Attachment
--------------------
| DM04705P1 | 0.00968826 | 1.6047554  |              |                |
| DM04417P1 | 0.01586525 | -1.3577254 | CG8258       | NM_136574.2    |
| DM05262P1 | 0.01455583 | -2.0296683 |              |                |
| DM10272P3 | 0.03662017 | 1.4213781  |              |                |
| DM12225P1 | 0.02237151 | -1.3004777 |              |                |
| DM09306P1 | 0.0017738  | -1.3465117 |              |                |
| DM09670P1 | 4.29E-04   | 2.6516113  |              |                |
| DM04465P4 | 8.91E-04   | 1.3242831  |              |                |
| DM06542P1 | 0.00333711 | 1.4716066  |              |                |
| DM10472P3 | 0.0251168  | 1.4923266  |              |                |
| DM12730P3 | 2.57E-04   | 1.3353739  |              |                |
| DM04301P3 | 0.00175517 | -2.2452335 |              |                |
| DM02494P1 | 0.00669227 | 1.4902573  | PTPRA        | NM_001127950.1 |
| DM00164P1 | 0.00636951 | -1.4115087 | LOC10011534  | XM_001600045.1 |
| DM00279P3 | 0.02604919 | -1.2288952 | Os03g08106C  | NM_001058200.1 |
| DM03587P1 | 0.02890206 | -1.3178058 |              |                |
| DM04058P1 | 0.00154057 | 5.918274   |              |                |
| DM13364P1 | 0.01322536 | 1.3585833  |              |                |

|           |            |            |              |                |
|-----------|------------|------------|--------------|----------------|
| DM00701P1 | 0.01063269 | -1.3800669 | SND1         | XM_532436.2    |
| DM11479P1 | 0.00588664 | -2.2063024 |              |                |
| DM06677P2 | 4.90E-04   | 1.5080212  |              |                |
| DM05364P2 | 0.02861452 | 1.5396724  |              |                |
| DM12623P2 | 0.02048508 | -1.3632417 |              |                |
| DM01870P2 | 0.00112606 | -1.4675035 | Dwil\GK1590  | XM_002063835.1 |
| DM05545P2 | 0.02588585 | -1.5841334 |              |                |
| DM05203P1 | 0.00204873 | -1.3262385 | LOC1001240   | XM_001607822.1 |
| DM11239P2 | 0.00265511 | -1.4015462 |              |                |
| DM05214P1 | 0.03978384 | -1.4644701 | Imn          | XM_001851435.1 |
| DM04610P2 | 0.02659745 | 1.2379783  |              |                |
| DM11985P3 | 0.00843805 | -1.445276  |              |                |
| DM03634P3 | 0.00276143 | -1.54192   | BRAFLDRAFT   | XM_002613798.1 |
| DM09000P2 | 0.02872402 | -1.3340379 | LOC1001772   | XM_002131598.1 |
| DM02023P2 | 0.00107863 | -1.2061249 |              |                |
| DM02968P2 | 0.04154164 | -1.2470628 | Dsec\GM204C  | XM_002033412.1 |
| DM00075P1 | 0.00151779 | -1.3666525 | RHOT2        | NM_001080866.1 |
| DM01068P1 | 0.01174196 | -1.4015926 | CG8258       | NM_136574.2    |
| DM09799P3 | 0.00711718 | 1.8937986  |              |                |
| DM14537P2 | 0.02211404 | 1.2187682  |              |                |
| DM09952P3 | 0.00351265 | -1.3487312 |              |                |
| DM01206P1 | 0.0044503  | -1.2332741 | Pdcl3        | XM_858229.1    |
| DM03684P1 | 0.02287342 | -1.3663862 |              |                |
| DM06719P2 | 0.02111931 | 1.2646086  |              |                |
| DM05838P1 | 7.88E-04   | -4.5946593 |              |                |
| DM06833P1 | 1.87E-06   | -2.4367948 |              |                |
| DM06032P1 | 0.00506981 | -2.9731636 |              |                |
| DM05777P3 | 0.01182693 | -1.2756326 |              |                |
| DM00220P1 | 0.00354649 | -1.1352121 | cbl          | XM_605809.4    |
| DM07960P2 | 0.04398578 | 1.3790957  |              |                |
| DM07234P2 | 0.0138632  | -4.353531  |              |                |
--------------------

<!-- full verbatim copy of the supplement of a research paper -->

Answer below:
| DM04705P1 | 0.00968826 | 1.6047554  |              |                |
| DM04417P1 | 0.01586525 | -1.3577254 | CG8258       | NM_136574.2    |
| DM05262P1 | 0.01455583 | -2.0296683 |              |                |
| DM10272P3 | 0.03662017 | 1.4213781  |              |                |
| DM12225P1 | 0.02237151 | -1.3004777 |              |                |
| DM09306P1 | 0.0017738  | -1.3465117 |              |                |
| DM09670P1 | 4.29E-04   | 2.6516113  |              |                |
| DM04465P4 | 8.91E-04   | 1.3242831  |              |                |
| DM06542P1 | 0.00333711 | 1.4716066  |              |                |
| DM10472P3 | 0.0251168  | 1.4923266  |              |                |
| DM12730P3 | 2.57E-04   | 1.3353739  |              |                |
| DM04301P3 | 0.00175517 | -2.2452335 |              |                |
| DM02494P1 | 0.00669227 | 1.4902573  | PTPRA        | NM_001127950.1 |
| DM00164P1 | 0.00636951 | -1.4115087 | LOC10011534  | XM_001600045.1 |
| DM00279P3 | 0.02604919 | -1.2288952 | Os03g08106C  | NM_001058200.1 |
| DM03587P1 | 0.02890206 | -1.3178058 |              |                |
| DM04058P1 | 0.00154057 | 5.918274   |              |                |
| DM13364P1 | 0.01322536 | 1.3585833  |              |                |

|           |            |            |              |                |
|-----------|------------|------------|--------------|----------------|
| DM00701P1 | 0.01063269 | -1.3800669 | SND1         | XM_532436.2    |
| DM11479P1 | 0.00588664 | -2.2063024 |              |                |
| DM06677P2 | 4.90E-04   | 1.5080212  |              |                |
| DM05364P2 | 0.02861452 | 1.5396724  |              |                |
| DM12623P2 | 0.02048508 | -1.3632417 |              |                |
| DM01870P2 | 0.00112606 | -1.4675035 | Dwil\GK1590  | XM_002063835.1 |
| DM05545P2 | 0.02588585 | -1.5841334 |              |                |
| DM05203P1 | 0.00204873 | -1.3262385 | LOC1001240   | XM_001607822.1 |
| DM11239P2 | 0.00265511 | -1.4015462 |              |                |
| DM05214P1 | 0.03978384 | -1.4644701 | Imn          | XM_001851435.1 |
| DM04610P2 | 0.02659745 | 1.2379783  |              |                |
| DM11985P3 | 0.00843805 | -1.445276  |              |                |
| DM03634P3 | 0.00276143 | -1.54192   | BRAFLDRAFT   | XM_002613798.1 |
| DM09000P2 | 0.02872402 | -1.3340379 | LOC1001772   | XM_002131598.1 |
| DM02023P2 | 0.00107863 | -1.2061249 |              |                |
| DM02968P2 | 0.04154164 | -1.2470628 | Dsec\GM204C  | XM_002033412.1 |
| DM00075P1 | 0.00151779 | -1.3666525 | RHOT2        | NM_001080866.1 |
| DM01068P1 | 0.01174196 | -1.4015926 | CG8258       | NM_136574.2    |
| DM09799P3 | 0.00711718 | 1.8937986  |              |                |
| DM14537P2 | 0.02211404 | 1.2187682  |              |                |
| DM09952P3 | 0.00351265 | -1.3487312 |              |                |
| DM01206P1 | 0.0044503  | -1.2332741 | Pdcl3        | XM_858229.1    |
| DM03684P1 | 0.02287342 | -1.3663862 |              |                |
| DM06719P2 | 0.02111931 | 1.2646086  |              |                |
| DM05838P1 | 7.88E-04   | -4.5946593 |              |                |
| DM06833P1 | 1.87E-06   | -2.4367948 |              |                |
| DM06032P1 | 0.00506981 | -2.9731636 |              |                |
| DM05777P3 | 0.01182693 | -1.2756326 |              |                |
| DM00220P1 | 0.00354649 | -1.1352121 | cbl          | XM_605809.4    |
| DM07960P2 | 0.04398578 | 1.3790957  |              |                |
| DM07234P2 | 0.0138632  | -4.353531  |              |                |